Fugitive dust is also known as particle pollution. …
I Aloha Molokai News Release
Can anyone solve this mystery?
Over the past month, Molokai residents have received anonymous calls, asking for personal information and personal opinions about Molokai Ranch, about wind turbines, and about possible “benefits.” The pollster is Ward Research of Honolulu. But if you ask “Who’s paying for it?” the callers say, “Sorry, we can’t tell you.”
Some have answered the survey, others have just hung up, but we all have to guess who’s behind it. Is it a local group? Is it Molokai Ranch? Is it a wind developer?
It’s clearly not government. Sen. English and Rep.…
Molokai Soaps of Hawaii uses natural, local ingredients
Think about a bar of soap. What probably jumps to mind is a hard, waxy block stamped with a generic brand that you bought in a pack from the grocery store. If you’ve ever bathed with a bar of handcrafted soap produced by Molokai Soaps of Hawaii, however, you’d have a different definition.
Master soaper Patricia Hammond creates all natural products made from local ingredients that not only help you smell good, but make you feel good as well. Each bar of soap is etched with the word “Molokai” and comes with a slip of paper that describes how it was made.…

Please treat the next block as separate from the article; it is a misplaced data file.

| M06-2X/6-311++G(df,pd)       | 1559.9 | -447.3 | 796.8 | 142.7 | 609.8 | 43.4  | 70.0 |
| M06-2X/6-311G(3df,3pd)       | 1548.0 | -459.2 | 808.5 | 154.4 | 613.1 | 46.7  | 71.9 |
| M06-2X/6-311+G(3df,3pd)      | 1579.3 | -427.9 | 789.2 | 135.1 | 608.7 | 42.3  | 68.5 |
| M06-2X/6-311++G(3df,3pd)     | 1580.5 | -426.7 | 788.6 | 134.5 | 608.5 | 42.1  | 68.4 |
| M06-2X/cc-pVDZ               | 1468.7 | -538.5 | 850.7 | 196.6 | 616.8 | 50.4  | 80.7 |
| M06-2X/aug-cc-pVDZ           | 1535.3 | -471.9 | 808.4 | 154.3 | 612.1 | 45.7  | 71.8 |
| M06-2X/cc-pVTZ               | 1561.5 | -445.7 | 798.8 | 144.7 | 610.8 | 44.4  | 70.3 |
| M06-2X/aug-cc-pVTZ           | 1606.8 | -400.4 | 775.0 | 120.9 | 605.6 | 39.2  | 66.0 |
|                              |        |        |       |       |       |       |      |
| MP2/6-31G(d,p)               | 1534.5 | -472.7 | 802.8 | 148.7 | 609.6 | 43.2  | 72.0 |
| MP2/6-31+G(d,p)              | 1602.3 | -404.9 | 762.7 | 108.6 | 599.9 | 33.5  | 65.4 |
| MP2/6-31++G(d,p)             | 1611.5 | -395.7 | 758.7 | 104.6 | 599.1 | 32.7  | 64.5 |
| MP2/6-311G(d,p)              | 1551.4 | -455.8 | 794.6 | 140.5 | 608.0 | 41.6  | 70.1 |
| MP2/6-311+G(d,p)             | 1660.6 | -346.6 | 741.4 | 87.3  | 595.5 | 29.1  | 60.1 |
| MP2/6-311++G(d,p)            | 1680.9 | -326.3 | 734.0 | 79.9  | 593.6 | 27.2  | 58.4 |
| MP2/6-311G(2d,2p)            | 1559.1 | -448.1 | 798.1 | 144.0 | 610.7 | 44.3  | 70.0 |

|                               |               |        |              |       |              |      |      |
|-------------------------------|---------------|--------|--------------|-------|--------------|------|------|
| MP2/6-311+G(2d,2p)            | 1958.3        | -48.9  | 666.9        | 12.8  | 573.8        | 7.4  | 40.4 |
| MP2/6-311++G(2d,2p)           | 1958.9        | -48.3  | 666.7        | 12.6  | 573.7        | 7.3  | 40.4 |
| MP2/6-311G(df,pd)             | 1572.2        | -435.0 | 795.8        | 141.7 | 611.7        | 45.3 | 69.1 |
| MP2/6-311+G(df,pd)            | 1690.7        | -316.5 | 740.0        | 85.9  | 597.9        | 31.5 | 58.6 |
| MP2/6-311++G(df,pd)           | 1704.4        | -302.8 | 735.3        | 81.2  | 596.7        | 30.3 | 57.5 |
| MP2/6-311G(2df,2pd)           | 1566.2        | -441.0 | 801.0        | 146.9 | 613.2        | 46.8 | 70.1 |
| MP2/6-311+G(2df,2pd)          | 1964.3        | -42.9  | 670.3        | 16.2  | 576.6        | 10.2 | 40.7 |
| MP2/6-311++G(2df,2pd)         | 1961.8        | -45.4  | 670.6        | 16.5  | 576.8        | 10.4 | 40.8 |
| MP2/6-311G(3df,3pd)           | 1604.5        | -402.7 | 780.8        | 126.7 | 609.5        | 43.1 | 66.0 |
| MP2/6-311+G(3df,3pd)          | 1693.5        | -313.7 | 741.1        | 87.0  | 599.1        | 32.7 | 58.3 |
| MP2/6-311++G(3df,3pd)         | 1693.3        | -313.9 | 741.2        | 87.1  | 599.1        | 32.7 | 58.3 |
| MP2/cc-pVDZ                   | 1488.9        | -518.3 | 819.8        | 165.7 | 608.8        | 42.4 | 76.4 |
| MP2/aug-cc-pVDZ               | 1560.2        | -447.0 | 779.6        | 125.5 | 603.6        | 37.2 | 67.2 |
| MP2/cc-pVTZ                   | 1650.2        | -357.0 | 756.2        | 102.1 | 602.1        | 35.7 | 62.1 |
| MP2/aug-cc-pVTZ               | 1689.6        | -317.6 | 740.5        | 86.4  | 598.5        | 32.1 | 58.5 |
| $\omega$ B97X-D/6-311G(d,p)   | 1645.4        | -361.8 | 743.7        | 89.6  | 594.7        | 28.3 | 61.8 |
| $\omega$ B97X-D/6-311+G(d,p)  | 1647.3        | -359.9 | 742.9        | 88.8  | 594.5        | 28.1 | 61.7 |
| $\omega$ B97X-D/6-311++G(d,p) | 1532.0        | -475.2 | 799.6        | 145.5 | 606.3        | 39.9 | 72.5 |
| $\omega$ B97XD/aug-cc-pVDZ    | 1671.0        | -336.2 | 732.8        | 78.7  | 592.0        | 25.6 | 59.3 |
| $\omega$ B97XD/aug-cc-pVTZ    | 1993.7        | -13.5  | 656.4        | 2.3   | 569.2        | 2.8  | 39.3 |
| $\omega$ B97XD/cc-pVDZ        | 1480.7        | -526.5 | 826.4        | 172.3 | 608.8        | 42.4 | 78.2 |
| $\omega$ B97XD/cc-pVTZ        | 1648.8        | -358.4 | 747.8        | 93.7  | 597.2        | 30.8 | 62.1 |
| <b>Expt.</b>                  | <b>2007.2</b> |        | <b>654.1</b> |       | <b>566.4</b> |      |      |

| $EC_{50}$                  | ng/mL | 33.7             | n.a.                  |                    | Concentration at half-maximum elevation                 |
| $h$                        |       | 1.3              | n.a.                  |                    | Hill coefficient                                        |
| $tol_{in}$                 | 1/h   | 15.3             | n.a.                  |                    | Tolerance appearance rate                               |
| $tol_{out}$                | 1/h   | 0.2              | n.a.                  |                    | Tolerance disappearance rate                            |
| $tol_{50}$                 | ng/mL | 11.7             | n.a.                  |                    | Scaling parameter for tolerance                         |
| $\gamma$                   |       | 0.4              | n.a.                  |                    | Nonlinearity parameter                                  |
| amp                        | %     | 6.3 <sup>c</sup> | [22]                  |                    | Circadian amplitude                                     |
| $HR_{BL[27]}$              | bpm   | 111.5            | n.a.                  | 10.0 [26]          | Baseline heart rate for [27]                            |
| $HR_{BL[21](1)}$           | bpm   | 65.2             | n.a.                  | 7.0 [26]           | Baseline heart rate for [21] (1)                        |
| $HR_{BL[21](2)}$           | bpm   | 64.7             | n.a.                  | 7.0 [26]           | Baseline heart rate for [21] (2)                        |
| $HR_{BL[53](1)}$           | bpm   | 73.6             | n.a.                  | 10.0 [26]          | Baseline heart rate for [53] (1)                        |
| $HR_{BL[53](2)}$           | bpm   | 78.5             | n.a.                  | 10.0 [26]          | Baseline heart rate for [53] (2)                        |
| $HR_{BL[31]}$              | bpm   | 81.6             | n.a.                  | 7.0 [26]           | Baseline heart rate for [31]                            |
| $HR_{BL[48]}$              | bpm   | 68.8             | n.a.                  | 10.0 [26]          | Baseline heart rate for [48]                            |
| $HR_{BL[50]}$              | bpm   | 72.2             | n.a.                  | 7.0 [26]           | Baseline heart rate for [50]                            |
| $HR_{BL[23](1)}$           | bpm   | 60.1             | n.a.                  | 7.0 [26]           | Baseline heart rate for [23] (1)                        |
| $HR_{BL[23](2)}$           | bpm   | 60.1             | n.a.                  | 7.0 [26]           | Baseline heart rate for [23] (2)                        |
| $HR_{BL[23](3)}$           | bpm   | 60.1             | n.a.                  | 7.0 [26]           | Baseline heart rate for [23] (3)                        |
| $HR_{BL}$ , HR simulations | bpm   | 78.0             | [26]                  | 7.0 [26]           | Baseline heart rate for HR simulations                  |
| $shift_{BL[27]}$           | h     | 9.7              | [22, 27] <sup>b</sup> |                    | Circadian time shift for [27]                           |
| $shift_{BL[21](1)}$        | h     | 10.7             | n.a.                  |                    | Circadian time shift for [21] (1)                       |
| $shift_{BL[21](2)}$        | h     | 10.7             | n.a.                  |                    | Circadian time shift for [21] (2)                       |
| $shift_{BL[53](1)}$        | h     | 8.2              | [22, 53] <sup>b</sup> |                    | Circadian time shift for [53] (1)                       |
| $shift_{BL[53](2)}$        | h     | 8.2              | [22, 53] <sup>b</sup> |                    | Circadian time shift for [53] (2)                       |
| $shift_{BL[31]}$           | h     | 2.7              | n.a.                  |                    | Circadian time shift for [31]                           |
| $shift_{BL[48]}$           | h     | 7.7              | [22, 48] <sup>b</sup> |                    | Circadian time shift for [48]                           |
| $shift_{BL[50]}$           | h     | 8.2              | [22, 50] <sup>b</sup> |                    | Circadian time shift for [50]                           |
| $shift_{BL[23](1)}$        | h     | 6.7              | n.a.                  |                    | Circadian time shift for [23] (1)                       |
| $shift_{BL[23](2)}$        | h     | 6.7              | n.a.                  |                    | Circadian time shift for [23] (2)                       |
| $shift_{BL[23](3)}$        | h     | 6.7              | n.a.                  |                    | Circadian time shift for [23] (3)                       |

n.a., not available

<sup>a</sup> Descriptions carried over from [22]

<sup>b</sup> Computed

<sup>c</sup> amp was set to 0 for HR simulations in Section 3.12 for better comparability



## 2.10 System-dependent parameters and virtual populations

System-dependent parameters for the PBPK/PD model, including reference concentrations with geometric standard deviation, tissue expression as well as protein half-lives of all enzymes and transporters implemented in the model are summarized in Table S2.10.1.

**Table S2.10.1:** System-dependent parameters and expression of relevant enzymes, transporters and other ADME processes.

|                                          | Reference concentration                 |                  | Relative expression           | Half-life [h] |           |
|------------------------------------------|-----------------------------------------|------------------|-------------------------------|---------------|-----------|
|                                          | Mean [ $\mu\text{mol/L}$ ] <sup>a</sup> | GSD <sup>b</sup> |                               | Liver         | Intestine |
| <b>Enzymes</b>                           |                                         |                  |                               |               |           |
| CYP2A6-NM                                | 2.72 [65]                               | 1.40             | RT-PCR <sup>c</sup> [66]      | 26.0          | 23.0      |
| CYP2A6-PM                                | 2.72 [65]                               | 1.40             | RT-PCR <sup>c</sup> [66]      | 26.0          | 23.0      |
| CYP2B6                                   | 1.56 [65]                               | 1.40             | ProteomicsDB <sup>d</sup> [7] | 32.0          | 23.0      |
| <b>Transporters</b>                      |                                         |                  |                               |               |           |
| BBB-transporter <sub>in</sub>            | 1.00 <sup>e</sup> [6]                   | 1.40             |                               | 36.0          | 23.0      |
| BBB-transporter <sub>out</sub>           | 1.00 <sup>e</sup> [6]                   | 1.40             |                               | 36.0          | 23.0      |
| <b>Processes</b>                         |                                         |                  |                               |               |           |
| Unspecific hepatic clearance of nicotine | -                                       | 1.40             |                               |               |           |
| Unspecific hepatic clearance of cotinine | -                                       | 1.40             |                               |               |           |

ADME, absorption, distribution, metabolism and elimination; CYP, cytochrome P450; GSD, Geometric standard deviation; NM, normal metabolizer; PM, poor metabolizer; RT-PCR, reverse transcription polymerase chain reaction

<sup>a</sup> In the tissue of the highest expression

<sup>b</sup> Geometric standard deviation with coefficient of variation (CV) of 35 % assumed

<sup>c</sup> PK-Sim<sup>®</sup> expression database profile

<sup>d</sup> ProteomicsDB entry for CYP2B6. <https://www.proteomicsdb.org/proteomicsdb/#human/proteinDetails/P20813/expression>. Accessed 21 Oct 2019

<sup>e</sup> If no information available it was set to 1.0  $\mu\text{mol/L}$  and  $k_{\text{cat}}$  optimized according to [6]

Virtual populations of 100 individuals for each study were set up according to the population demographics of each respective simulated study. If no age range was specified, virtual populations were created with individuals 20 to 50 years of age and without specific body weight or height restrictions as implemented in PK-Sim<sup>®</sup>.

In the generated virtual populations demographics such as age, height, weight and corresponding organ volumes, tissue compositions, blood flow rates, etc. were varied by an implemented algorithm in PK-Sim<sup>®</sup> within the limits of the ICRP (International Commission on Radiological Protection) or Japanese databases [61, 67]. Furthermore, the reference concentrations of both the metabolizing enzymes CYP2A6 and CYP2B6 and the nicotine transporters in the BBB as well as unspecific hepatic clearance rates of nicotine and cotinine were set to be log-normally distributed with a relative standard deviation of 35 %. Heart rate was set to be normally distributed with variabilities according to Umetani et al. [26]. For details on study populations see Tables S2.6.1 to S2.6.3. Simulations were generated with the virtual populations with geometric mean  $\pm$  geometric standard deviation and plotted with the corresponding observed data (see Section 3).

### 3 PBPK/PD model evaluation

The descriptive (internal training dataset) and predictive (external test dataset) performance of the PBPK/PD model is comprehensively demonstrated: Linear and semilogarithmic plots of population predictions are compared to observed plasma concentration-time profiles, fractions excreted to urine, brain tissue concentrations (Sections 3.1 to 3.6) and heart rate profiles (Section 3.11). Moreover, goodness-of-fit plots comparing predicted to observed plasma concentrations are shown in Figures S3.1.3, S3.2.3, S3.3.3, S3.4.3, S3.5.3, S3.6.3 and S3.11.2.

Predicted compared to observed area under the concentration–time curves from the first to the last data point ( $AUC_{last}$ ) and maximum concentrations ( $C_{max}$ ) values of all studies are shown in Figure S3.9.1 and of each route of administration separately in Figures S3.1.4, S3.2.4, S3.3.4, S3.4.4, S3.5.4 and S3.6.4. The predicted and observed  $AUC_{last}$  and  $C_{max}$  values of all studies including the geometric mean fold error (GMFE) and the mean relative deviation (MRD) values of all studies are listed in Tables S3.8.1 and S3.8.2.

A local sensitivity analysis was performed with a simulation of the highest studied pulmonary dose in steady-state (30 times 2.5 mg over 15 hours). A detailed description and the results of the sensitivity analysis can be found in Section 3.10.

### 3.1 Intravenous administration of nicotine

Opinion by Mercy Ritte
Friday, Nov. 9th at 12:46 p.m. marked the largest, most disturbing, fugitive dust “storm” ever seen in Ho`olehua. According to the Environmental Protection Agency (EPA), fugitive dust is dust generated from open sources such as unpaved roads and agricultural tilling operations.
On this particular day, the prevailing trades had picked up, blowing over Monsanto’s recently disturbed and exposed land, lifting massive amounts of dust into the air and sending it miles and miles across the landscape, beginning from the Kualapu`u reservoir to Mahana stretch near the airport. I had never seen anything like it before.…
While axis deer have become part of leading a subsistent lifestyle on Molokai, their presence has caused some problems for residents down at Kalaupapa, including damage to coastal vegetation and gardens as well as posing safety issues at the airport and on the road. This week, the National Park Service (NPS) held a two-day deer hunt to eradicate an estimated 20 to 40 axis deer from the settlement.
The process started early Monday morning with the help of 15 to 20 people to help push, or navigate, the deer from the coastal, airport and settlement areas. They were herded to a holding pen in the settlement and then be dispatched using a rifle.…
Opinion by Kanohowailuku Helm, President of I Aloha Molokai
To Gov. Neil Abercrombie, Lt. Gov. Brian Schatz, State Energy Administrator Mark Glick and staff, members of the Hawaii Public Utilities Commission (PUC) , and Carl Freedman, IRP facilitator:
Today, three processes regarding our energy future are running on parallel tracks: (1) the Integrated Resource Planning (IRP), which involves 68 officials, experts and interested parties, (2) the Hawaii Clean Energy Programmatic Environmental Impact Statement (PEIS), conducted by the U.S. Department of Energy, and (3) HECO’s request for proposals (RFP) to build an undersea cable. Together, these efforts could result in a smart, affordable state energy plan with public support — but only if they are carefully synchronized.…